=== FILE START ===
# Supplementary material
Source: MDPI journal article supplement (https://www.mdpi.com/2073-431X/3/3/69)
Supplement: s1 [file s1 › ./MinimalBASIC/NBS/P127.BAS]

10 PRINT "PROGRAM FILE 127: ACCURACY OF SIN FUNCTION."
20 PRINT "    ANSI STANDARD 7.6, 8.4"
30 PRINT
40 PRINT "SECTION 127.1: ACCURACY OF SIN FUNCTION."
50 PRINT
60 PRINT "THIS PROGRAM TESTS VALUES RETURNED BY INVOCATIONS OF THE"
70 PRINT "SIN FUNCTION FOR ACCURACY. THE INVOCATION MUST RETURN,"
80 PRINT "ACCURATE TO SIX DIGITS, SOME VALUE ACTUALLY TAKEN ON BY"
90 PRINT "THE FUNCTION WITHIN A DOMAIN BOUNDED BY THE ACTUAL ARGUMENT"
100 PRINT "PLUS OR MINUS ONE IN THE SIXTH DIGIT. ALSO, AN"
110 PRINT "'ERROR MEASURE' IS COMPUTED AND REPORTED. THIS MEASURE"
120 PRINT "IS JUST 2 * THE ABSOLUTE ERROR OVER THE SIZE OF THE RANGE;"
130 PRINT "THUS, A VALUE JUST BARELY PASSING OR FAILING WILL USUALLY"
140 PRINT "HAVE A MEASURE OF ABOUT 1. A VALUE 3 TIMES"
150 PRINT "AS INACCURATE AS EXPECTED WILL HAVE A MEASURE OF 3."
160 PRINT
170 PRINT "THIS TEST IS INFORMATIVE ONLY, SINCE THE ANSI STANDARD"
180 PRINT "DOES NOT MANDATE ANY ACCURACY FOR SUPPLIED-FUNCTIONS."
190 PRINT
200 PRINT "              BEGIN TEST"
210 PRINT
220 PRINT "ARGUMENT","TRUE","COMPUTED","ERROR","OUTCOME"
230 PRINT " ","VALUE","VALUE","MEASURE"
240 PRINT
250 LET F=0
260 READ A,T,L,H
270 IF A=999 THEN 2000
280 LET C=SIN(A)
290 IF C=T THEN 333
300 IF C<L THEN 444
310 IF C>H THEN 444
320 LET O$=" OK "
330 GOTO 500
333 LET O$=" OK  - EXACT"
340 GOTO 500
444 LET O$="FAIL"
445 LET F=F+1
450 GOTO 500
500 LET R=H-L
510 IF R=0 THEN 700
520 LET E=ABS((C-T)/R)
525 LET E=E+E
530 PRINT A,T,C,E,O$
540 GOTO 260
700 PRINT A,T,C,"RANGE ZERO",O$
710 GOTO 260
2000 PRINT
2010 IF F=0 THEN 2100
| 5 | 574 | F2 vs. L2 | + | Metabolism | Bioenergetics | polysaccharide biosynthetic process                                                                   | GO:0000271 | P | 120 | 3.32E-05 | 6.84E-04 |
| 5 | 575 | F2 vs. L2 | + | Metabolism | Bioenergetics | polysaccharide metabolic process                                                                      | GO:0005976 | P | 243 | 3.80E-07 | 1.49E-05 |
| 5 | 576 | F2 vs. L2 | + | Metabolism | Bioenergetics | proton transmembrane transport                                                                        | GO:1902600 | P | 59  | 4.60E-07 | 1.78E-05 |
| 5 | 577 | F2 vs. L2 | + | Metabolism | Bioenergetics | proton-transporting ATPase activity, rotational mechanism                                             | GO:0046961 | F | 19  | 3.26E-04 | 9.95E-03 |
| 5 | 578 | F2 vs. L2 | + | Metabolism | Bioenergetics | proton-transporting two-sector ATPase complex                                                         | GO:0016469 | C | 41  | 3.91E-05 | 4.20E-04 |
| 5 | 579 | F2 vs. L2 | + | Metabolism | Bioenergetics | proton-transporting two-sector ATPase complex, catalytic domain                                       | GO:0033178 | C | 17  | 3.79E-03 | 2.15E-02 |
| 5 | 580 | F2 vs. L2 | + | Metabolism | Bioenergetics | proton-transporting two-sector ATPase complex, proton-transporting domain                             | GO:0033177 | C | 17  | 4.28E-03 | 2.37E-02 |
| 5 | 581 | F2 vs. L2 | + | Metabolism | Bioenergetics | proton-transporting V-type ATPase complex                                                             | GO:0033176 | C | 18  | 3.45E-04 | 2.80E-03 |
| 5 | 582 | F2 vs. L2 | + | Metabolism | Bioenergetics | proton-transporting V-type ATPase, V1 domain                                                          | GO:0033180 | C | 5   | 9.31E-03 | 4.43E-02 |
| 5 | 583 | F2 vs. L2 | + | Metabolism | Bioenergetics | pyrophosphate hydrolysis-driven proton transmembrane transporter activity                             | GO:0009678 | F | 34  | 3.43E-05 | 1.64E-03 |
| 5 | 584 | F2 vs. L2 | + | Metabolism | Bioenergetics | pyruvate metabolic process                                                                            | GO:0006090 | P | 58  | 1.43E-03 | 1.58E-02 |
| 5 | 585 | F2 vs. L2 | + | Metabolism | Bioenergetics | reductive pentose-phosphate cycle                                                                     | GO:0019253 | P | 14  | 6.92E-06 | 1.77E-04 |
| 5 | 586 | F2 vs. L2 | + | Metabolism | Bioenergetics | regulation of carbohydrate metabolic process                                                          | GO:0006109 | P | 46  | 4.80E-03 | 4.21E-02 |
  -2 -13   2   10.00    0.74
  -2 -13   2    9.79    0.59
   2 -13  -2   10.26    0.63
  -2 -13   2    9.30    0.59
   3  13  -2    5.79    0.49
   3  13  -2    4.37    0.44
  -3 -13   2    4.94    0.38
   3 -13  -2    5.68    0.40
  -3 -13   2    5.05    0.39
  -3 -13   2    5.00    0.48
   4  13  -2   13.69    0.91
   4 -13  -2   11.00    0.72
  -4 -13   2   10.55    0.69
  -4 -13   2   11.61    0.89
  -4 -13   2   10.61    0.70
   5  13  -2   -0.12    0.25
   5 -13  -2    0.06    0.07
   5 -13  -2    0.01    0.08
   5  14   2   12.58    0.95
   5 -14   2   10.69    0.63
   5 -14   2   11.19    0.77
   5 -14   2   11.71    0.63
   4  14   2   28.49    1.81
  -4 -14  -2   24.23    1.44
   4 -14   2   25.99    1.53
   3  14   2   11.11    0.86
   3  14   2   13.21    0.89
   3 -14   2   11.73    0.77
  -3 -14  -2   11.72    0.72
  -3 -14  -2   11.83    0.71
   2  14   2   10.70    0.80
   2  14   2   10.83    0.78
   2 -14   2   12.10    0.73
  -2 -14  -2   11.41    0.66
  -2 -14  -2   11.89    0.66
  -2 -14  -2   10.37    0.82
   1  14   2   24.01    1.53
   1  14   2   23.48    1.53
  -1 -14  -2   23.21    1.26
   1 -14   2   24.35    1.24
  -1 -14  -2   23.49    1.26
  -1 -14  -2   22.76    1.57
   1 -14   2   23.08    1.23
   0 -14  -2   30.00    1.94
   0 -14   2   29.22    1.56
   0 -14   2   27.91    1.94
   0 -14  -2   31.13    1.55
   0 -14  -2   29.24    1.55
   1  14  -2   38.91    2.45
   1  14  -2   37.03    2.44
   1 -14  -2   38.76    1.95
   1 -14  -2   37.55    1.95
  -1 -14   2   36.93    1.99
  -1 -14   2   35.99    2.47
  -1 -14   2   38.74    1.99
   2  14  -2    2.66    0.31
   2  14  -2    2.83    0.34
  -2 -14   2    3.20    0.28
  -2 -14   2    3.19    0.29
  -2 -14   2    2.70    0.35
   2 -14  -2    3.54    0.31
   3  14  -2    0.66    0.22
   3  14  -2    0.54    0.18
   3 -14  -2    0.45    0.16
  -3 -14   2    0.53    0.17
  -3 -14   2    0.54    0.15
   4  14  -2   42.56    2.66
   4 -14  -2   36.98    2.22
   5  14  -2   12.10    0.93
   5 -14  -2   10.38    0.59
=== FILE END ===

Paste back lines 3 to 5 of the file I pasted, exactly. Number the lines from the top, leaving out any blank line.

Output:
Supplement: s1 [file s1 › ./MinimalBASIC/NBS/P127.BAS]

10 PRINT "PROGRAM FILE 127: ACCURACY OF SIN FUNCTION."
20 PRINT "    ANSI STANDARD 7.6, 8.4"